Even before excavation started, weathered human bones were identified on the seaward downhill terraces, leaving no doubt as to the presence of a cemetery. Excavation here under the direction of Ilse Schoep between 2007 and 2011 has identified and numbered no less than 30 rectangular compartments (Fig. 1). Overlooking the sea, these form a cemetery of small, rectangular burial structures that are known in literature as house tombs. During the Prepalatial and early Protopalatial periods, house tombs were most common in the northern and eastern regions of the island, in contrast with circular tombs which were mostly (but not exclusively) localized in south-central Crete. From west to east, rectangular tombs have, for instance, been excavated in Archanes, Malia, Istro, Gournia, Vasiliki, Linares, Petras, Palakaistro and Zakros. Some of these burial sites comprise only one or two burial structures, but house tombs are more often grouped in small or larger clusters. The tombs at Sissi were constructed in an agglutinative process, with new compartments being gradually added against existing ones, making it sometimes hard to decide whether adjacent compartments should be considered as belonging to the same tombs.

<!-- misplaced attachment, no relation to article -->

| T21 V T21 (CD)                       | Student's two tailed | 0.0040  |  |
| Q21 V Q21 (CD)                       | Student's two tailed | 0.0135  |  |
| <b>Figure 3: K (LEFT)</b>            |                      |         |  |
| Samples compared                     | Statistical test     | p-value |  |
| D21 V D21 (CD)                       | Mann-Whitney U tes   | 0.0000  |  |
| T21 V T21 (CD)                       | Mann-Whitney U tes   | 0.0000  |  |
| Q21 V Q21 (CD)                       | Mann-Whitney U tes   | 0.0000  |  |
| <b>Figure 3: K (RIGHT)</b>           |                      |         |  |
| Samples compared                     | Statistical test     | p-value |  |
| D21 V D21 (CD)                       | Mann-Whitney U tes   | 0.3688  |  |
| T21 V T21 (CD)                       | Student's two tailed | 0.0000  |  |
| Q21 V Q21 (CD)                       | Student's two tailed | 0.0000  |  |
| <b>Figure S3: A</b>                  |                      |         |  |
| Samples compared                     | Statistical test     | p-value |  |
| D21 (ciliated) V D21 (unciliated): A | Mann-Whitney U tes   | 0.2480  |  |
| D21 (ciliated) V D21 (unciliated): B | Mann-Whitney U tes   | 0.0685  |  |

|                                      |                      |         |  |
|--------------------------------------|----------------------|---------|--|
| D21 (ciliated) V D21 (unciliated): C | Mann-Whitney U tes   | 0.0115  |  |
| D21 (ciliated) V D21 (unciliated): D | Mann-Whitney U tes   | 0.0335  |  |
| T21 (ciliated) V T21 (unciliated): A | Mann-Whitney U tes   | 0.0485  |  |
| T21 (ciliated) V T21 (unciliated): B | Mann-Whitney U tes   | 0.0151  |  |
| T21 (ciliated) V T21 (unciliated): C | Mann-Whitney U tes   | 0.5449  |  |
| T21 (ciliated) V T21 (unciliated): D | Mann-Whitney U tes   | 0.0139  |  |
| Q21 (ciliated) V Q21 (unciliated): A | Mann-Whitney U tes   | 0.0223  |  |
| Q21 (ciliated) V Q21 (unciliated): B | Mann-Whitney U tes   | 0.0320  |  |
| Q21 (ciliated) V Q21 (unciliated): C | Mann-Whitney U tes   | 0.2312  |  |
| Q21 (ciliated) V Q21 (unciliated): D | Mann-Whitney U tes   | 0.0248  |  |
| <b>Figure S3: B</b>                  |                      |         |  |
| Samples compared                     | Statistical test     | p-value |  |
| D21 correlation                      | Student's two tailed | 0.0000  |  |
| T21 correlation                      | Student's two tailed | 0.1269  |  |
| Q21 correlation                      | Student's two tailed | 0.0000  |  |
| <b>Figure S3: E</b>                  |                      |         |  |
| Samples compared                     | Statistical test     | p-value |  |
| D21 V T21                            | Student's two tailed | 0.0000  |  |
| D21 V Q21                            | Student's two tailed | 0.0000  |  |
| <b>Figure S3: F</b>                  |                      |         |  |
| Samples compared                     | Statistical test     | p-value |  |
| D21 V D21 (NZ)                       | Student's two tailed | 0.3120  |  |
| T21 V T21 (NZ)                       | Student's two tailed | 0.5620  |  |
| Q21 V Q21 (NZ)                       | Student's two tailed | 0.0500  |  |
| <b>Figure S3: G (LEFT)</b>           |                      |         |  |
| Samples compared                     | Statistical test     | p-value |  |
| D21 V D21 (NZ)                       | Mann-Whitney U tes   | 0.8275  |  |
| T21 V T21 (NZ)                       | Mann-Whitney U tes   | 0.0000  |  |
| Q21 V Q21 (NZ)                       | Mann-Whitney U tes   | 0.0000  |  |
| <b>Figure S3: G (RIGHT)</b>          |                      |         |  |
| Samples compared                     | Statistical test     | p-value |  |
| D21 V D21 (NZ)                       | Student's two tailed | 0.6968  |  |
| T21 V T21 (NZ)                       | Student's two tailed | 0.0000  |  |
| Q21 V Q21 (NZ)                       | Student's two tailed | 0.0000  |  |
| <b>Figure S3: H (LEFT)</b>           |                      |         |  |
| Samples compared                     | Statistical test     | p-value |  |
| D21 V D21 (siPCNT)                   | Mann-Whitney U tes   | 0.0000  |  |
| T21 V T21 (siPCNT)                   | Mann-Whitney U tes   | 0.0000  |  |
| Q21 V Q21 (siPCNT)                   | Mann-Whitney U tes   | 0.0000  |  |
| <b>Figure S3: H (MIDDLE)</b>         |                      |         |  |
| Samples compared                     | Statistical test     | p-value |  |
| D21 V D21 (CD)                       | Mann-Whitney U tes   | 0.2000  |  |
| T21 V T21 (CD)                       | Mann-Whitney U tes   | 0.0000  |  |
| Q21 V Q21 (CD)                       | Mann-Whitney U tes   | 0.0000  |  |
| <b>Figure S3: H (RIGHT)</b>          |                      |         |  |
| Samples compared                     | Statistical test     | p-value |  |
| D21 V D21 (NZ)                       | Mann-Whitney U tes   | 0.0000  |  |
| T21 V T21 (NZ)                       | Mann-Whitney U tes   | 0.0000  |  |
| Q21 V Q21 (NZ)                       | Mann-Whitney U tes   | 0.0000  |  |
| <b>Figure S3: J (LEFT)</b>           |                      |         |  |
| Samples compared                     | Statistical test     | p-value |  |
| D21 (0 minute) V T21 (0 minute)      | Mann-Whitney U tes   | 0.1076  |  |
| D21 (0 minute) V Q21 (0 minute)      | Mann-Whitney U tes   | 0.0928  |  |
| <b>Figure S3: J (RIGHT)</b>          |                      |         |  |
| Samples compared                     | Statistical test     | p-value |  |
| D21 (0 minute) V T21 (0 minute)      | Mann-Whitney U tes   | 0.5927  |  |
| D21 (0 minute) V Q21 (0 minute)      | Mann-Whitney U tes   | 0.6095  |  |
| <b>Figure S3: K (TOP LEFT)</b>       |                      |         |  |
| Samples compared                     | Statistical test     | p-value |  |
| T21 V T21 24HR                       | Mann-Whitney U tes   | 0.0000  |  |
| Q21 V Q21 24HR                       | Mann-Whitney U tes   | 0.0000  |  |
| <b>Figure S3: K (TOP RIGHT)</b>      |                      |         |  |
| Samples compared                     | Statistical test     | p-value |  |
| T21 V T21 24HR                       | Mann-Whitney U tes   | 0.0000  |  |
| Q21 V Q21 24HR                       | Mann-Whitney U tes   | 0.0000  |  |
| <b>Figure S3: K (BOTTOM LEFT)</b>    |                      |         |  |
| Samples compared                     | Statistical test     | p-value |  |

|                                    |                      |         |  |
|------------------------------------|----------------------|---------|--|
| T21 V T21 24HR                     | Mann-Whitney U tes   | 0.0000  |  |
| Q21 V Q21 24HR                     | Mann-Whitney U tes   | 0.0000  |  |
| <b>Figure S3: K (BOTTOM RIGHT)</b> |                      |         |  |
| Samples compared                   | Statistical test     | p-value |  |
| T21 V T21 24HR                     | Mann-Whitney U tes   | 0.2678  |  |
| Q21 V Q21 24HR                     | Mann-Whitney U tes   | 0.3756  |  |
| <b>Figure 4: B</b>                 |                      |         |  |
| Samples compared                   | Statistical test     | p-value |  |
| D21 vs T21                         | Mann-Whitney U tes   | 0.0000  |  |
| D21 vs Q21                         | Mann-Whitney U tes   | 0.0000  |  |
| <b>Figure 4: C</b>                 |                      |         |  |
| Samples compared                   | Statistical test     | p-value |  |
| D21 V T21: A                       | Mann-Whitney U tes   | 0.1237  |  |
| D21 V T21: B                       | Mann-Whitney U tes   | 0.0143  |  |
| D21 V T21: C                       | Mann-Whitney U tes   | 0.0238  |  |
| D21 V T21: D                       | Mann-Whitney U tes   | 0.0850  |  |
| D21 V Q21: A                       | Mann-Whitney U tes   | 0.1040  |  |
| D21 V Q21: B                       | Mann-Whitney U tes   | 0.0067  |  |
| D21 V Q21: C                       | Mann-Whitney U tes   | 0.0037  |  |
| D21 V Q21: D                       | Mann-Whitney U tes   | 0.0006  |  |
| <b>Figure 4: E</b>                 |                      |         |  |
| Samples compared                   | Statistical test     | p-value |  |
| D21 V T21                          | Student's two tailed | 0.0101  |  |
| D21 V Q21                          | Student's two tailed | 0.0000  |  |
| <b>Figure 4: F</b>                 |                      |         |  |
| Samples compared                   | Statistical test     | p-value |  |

Most of the rectangular compartments excavated so far are located on two natural terraces on the northeast slope of the hill (Zone 1). However, a large tomb comprising at least four rectangular compartments was discovered on a rocky promontory, ca. 30 m further west (Zone 9), just east of a WW II gun post. This makes it likely that the whole upper terrace between Zone 1 and Zone 9 was covered with burial structures, in which case the cemetery extended over an area of at least 1650 m². Furthermore, badly preserved wall remains on the lower terrace indicate that additional tombs may have existed closer to the sea and to the west of Compartments 1.1 and 1.9-1.10. Zone 9 is better protected from the elements, but the northeast slope of the hill has suffered a lot from wind and sea erosion, with the result that the north and east sectors of the upper terrace and the central and west sector of the lower terrace have been almost completely eroded down to bedrock. Besides Zone 9, the best preserved of the structures excavated so far are Compartments 1.2, 1.9-1.10, 1.16, 1.11-1.12 and 1.17. Excavation has only started to the west of the open space 1.18, but the deposits seem thick enough to be promising.